Reading the End Bookcast, Ep.40: Secondary Characters, Kate Atkinson’s A God in Ruins, and a Summer Book Preview

It’s time for podcast once again! (Sorry we’re late, technical difficulties.) We discuss secondary characters, which gives me the chance to praise Diana Wynne Jones. We review Kate Atkinson’s new novel A God in Ruins (we received copies from the publisher for review consideration), and we preview some books we’re excited for this summer. You can listen to the podcast in the embedded player below or download the file directly here to take with you on the go.

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1:32 – Secondary characters
17:09 – Kate Atkinson’s A God in Ruins
32:22 – Summer book preview!

The books we mentioned in the summer book preview are listed below, so that you too can get psyched for them.

Whiskey Jenny

  1. Saint Anything, by Sarah Dessen – Released by Random Penguin earlier this month (note: that is not their real name)
  2. The Complete Eightball, by Daniel Clowes – To be released in June by Fantagraphics
  3. The Sage of Waterloo, by Leona Francombe – To be released in June by Norton
  4. In the Unlikely Event, by Judy Blume – To be released in June by Knopf
  5. Barbarian Days: A Surfing Life, by William Finnegan – To be released in July by Penguin Press

Gin Jenny

  1. Nimona, by Noelle Stevenson – Released by HarperTeen earlier this month
  2. Flood and Fire, by Amitav Ghosh – To be released in August by Farrar, Strauss, and Giroux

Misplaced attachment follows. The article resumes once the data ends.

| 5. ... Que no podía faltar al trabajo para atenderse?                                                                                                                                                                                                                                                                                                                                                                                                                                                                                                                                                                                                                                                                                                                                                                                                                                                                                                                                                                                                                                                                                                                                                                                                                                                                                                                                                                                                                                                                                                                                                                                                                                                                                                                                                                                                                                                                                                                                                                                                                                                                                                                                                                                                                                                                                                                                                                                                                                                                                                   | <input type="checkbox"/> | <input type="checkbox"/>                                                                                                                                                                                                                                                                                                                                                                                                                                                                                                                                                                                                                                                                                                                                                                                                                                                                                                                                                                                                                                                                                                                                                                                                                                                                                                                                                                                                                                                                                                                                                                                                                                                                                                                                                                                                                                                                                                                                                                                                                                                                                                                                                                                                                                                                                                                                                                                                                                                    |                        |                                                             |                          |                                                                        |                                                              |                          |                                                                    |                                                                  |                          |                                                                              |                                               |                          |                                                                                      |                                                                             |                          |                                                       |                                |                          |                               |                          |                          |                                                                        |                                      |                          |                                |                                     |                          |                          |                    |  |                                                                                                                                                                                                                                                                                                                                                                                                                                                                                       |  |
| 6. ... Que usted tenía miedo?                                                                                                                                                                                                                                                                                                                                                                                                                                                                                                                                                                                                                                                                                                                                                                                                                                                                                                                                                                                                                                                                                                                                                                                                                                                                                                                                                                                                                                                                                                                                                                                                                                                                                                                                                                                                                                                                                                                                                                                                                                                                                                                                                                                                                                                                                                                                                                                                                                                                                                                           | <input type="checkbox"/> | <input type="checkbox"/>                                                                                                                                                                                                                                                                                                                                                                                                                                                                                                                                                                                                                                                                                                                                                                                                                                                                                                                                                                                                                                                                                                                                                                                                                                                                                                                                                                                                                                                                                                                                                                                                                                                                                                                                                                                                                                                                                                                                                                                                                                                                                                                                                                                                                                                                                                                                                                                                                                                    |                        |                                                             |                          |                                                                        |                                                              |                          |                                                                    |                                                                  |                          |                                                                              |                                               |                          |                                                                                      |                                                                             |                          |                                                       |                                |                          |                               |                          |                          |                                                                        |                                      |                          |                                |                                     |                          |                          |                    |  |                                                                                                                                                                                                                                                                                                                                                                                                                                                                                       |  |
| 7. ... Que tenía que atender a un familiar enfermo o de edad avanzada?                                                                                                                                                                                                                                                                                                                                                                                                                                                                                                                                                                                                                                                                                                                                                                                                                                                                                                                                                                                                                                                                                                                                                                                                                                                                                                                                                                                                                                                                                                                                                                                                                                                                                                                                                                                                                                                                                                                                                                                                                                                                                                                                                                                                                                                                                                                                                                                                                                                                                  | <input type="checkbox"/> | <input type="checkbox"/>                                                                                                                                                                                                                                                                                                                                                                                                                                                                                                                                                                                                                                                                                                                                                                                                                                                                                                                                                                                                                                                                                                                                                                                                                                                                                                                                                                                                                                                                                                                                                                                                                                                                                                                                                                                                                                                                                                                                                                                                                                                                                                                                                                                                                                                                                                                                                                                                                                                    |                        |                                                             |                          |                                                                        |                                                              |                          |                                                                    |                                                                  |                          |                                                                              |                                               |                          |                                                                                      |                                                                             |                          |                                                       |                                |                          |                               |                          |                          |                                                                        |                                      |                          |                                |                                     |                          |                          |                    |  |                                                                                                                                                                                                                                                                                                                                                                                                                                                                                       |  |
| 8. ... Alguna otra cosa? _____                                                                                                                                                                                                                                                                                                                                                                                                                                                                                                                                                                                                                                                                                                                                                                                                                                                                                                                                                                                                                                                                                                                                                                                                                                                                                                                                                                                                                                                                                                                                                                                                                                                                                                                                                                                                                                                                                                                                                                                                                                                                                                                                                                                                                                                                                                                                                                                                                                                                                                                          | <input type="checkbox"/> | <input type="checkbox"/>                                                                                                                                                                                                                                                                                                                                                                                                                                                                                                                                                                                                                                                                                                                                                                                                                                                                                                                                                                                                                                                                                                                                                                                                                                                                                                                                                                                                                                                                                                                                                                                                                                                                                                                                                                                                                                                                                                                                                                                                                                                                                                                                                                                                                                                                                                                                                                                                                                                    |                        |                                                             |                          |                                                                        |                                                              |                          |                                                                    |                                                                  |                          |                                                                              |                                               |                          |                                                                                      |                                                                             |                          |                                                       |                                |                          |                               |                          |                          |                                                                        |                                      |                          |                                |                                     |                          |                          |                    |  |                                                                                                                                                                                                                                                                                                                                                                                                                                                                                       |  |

3. About a Girl, by Sarah McCarry – To be released in July by St. Martin’s Press
  4. Crooked Heart, by Lissa Evans – To be released in July by Harper
  5. Purity, by Jonathan Franzen – To be released for the internet’s unbridled mockery in early September by FSG

Get at me on Twitter, email the podcast, and friend me (Gin Jenny) and Whiskey Jenny on Goodreads. Or if you wish, you can find us on iTunes (and if you enjoy the podcast, give us a good rating! We appreciate it very very much).

Credits
Producer: Captain Hammer
Photo credit: The Illustrious Annalee
Song is by Jeff MacDougall.

My most anticipated books of 2015 (so far)

I love publisher catalogs, y’all. I can’t describe how much I love them. It’s because I judge books by their covers, and publishers’ catalogs offer me the opportunity to do that on a grand scale. So here are a few of the books from 2015 for which I am excited, in no particular order.

Flood of Fire

Flood of Fire, the last in Amitav Ghosh’s wonderful Ibis trilogy, appears in August, and then I can at last set about getting matching copies of all three. Sea of Poppies was one of my favorite books of its year, and while River of Smoke was not what I expected the second book in the trilogy to be, it was still a really excellent read. I’ve revised my expectations that the trilogy will be classically trilogyish, and I think it will maximize my enjoyment of Flood of Fire.

Re Jane

I choose to be optimistic about Re Jane, by Patricia Park, a modern-day retelling of Jane Eyre that comes out in May. I’m choosing optimism because so far there are no good retellings of Jane Eyre, and that situation needs to end. Let’s see if Patricia Park can pull it off. The whole world’s counting on you, Patricia Park! No pressure!

A God in Ruins